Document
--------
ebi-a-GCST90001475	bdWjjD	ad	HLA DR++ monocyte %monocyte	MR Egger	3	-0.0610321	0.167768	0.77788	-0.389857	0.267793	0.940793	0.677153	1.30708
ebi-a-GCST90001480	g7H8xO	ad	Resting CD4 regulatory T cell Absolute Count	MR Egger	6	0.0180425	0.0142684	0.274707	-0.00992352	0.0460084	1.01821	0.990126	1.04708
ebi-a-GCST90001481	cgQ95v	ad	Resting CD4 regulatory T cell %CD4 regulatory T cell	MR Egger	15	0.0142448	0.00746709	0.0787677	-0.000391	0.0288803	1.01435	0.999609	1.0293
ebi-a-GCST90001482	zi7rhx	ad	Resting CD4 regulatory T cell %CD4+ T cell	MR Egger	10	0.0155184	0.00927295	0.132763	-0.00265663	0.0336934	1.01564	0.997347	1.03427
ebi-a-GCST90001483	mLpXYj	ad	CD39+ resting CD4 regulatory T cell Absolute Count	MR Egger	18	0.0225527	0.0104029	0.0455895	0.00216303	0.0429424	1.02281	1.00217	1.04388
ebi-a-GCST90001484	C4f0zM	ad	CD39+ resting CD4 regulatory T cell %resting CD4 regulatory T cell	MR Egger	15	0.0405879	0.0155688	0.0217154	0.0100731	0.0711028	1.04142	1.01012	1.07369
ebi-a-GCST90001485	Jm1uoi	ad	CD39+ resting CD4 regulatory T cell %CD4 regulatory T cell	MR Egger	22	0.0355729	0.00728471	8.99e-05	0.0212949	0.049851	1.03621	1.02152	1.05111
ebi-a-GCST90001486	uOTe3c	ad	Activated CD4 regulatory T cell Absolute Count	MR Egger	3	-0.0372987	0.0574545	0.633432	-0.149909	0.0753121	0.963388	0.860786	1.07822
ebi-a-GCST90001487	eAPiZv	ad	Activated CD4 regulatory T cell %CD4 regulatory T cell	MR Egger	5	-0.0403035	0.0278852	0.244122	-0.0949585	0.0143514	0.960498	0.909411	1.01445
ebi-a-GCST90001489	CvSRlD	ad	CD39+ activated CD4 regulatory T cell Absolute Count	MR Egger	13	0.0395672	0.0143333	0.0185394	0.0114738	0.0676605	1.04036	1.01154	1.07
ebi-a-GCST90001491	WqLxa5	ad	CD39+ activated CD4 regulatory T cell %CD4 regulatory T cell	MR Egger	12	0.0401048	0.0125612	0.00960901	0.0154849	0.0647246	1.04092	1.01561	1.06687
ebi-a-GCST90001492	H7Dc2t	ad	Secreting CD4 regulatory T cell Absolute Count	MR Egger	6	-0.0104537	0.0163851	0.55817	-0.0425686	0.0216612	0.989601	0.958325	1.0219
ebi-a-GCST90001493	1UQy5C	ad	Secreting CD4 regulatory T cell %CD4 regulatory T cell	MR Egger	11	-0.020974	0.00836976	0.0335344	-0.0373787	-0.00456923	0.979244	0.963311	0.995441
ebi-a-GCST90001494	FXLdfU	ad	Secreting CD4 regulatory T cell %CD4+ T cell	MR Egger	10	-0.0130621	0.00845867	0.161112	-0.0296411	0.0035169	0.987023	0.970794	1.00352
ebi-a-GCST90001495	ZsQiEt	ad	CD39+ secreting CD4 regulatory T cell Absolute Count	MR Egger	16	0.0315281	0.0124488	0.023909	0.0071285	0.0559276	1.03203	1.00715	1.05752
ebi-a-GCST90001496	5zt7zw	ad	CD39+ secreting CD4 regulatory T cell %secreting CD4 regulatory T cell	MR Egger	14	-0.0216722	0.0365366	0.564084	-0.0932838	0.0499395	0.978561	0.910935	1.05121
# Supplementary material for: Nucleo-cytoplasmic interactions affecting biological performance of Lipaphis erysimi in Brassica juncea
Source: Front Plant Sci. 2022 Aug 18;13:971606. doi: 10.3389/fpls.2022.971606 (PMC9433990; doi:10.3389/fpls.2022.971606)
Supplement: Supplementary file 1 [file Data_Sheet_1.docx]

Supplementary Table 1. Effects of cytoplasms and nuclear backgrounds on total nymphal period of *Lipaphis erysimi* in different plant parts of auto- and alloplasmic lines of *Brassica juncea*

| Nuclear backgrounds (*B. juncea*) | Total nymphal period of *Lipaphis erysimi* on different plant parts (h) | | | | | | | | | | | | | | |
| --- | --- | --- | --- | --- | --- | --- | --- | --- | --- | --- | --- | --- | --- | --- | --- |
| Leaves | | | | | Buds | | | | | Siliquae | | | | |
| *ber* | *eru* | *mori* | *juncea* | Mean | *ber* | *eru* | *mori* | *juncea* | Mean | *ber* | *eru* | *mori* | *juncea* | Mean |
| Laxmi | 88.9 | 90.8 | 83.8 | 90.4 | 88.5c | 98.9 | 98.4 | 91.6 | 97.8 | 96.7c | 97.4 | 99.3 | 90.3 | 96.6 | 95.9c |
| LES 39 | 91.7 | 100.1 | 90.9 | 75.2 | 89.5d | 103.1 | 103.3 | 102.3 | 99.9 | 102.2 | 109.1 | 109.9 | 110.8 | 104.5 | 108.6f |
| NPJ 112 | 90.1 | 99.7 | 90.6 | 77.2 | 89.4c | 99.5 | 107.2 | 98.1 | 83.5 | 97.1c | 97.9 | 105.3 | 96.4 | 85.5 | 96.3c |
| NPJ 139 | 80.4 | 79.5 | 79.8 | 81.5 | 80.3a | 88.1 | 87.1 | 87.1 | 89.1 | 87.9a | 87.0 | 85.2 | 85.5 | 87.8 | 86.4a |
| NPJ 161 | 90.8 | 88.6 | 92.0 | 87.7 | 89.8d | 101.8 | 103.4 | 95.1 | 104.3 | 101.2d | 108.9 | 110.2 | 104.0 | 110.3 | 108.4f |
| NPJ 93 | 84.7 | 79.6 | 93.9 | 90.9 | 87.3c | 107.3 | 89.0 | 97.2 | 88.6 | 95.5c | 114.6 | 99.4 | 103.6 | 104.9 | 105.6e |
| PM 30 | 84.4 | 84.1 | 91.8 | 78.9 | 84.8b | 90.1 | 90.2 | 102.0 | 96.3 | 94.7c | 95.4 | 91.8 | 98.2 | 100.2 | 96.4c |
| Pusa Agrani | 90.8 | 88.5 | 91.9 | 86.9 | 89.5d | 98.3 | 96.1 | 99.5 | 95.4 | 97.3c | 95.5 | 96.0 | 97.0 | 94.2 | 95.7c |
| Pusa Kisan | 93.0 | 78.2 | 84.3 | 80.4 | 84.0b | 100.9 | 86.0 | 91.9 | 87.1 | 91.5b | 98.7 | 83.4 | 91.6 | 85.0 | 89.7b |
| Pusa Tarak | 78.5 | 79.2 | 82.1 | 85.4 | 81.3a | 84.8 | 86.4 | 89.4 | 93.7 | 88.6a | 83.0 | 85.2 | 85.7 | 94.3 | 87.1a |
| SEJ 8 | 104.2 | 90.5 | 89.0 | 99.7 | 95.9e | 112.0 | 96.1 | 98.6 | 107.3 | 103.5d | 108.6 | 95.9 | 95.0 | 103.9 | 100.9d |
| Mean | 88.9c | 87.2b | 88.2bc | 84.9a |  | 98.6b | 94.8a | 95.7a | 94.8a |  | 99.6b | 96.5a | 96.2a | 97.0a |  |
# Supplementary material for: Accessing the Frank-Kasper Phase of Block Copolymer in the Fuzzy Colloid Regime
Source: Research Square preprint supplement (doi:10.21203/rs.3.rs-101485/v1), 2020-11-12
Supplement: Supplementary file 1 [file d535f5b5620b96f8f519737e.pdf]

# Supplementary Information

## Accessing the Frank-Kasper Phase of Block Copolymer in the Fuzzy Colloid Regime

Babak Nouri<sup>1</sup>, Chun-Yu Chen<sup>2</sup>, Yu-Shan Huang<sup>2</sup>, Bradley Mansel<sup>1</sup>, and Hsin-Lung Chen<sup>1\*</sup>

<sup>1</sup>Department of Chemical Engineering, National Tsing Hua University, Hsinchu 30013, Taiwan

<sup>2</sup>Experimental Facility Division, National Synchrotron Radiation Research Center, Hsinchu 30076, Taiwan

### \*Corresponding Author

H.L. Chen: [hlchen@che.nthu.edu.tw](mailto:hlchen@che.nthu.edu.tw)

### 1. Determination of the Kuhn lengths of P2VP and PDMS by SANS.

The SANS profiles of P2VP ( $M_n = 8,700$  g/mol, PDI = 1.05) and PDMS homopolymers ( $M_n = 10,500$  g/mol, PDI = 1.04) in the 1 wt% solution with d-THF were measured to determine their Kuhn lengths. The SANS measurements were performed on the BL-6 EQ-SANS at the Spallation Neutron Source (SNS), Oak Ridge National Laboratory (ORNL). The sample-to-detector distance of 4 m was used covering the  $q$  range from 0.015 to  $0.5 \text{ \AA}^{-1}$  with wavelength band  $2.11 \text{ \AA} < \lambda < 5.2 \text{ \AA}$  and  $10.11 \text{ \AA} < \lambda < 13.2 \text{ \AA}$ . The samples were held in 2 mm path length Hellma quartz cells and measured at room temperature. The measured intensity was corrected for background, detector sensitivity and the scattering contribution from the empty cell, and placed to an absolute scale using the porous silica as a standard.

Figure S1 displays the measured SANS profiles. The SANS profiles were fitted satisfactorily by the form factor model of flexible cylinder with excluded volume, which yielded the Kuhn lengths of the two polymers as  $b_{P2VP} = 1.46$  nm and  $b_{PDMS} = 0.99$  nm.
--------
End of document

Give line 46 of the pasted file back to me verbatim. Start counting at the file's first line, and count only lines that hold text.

H.L. Chen: [hlchen@che.nthu.edu.tw](mailto:hlchen@che.nthu.edu.tw)